Two views about today's prevailing exchange rates exist: the dollar is overvalued dollar and the yen needs a deep depreciation. The implication of the two is an explosion upward for the Euro. But can Europe deal with such a shock, and what would happen to the US if that happened?
Now that America's recovery is underway - and it arises from a slump not a recession - the current account deficit will widen even further and in no time discussions about the unsustainable high-flying dollar will become fashionable again. Yet, the very fact of a US upswing that is bigger, comes sooner, and is better than anywhere else - Europe remains plagued by growth cramps and Japan's economic policy kabuki is going nowhere - will support and even strengthen the dollar.
All those who predicted the collapse of America's ``house of cards'' economy (who thought that Enron's collapse was finally the sign in the sky that they were right) must now be exhausted. No dollar collapse looms. Financial stability, strong productivity, flexibility and dynamism make the US one of the choice places for capital, and this influx of capital finances America's large current account deficits. It will continue doing so until, at the end of the rainbow, Japan or Europe compare favorably with the US investment climate. Don't hold your breath for that day; don't wait for the $1.20 per Euro that is touted as the ``equilibrium'' rate.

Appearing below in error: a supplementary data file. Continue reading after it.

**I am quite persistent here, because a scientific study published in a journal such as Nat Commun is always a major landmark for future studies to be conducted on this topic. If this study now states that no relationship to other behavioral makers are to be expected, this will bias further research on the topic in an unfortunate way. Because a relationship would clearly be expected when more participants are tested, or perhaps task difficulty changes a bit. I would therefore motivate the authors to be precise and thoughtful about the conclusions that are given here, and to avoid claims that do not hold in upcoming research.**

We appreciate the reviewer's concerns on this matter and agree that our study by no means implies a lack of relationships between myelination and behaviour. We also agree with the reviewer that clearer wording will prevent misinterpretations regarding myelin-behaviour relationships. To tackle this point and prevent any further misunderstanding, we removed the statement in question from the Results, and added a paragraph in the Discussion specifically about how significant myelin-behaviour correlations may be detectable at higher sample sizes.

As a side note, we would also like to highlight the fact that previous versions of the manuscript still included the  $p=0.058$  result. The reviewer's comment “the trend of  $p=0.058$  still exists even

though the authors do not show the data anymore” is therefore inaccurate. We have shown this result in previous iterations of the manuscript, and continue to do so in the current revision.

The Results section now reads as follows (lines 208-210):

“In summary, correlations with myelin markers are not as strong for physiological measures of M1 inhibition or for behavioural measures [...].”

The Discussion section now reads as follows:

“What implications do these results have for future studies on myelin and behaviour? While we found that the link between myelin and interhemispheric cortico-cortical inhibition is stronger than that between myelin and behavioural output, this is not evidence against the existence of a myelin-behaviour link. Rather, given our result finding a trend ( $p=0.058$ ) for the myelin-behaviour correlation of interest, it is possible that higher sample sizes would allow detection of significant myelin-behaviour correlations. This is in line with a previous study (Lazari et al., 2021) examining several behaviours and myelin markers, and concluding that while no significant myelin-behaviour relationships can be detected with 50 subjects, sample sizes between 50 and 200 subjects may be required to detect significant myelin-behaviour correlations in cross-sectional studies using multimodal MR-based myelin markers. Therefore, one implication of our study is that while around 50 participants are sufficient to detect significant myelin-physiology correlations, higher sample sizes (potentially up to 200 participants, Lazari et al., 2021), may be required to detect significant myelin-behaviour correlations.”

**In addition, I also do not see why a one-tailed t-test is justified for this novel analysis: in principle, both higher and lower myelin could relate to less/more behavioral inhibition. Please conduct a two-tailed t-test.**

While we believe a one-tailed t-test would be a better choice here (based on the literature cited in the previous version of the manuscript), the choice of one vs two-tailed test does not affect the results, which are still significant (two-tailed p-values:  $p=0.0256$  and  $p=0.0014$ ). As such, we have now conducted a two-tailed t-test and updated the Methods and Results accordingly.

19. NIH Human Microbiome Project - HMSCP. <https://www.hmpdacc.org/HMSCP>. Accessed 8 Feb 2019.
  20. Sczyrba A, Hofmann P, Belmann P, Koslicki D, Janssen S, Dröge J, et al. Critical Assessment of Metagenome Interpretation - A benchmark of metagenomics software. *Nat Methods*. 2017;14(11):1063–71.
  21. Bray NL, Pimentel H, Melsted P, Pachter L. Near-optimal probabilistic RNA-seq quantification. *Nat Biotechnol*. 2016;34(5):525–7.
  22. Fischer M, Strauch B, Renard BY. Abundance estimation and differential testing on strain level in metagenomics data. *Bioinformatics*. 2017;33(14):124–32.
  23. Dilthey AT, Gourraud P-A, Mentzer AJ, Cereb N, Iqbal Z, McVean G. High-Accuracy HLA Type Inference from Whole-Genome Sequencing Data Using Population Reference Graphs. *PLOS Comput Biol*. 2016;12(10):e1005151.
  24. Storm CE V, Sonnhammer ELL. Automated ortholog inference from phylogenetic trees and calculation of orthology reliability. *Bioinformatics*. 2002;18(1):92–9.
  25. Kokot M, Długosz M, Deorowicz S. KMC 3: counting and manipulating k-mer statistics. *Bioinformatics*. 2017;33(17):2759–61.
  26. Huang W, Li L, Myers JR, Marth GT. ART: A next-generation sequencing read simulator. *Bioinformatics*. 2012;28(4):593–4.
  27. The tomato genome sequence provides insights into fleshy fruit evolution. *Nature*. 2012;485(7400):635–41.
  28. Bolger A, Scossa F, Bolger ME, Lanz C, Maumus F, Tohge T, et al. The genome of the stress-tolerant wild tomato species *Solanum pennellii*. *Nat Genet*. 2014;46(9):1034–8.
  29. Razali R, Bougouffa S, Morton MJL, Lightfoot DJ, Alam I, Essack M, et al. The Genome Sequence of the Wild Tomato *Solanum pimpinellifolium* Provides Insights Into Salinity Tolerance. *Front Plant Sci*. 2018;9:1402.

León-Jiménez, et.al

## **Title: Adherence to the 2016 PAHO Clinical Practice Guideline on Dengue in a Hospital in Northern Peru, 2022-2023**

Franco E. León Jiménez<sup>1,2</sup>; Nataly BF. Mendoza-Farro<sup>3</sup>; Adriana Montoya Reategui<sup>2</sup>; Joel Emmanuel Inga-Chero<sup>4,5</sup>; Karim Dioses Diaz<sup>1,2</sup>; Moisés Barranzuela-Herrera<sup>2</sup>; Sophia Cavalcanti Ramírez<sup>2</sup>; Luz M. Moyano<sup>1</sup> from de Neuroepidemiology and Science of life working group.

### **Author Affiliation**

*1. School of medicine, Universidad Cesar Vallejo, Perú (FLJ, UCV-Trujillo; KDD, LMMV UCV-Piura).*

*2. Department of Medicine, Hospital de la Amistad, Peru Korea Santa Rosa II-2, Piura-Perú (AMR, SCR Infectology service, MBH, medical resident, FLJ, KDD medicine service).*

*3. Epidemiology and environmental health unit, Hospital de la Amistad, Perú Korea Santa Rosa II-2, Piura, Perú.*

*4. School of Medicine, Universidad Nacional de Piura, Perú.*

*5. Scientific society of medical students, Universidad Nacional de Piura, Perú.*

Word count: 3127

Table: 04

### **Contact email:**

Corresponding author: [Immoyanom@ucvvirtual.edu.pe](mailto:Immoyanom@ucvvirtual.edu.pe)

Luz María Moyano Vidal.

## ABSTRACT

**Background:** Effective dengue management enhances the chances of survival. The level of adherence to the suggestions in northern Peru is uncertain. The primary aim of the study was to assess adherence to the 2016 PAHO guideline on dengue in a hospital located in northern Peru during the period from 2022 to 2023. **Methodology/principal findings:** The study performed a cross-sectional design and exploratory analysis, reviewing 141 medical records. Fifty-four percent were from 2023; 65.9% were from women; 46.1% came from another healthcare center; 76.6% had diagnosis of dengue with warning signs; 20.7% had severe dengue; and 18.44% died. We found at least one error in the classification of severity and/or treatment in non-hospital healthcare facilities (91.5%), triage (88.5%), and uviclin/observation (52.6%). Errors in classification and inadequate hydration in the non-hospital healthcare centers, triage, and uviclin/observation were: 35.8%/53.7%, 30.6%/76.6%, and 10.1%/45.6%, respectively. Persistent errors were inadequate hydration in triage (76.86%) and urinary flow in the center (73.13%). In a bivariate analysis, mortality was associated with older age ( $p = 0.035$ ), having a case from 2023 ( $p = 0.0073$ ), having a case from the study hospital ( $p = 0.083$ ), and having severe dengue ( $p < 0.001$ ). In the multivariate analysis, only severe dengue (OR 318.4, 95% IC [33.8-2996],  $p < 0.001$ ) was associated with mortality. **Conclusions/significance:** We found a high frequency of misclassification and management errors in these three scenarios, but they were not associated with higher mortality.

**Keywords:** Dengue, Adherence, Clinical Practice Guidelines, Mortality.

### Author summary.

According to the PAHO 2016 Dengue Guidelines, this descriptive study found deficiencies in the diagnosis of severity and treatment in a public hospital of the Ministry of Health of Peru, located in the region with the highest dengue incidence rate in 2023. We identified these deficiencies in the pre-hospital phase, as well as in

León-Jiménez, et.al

But the dollar is not the only issue atop currency market debates. There is another strongly held belief: that Japan cannot recover without a steep decline in the yen. For those who hold this view, the yen would have to decline to 160 or even 200 yen/$. Without monetary policy, fiscal policy or supply side reforms, how else can Japan return to growth except by a depreciation-driven export boom? Because Japan's export sector is so small, barely 10% of GDP, the depreciation would have to be enormous to stoke the entire economy.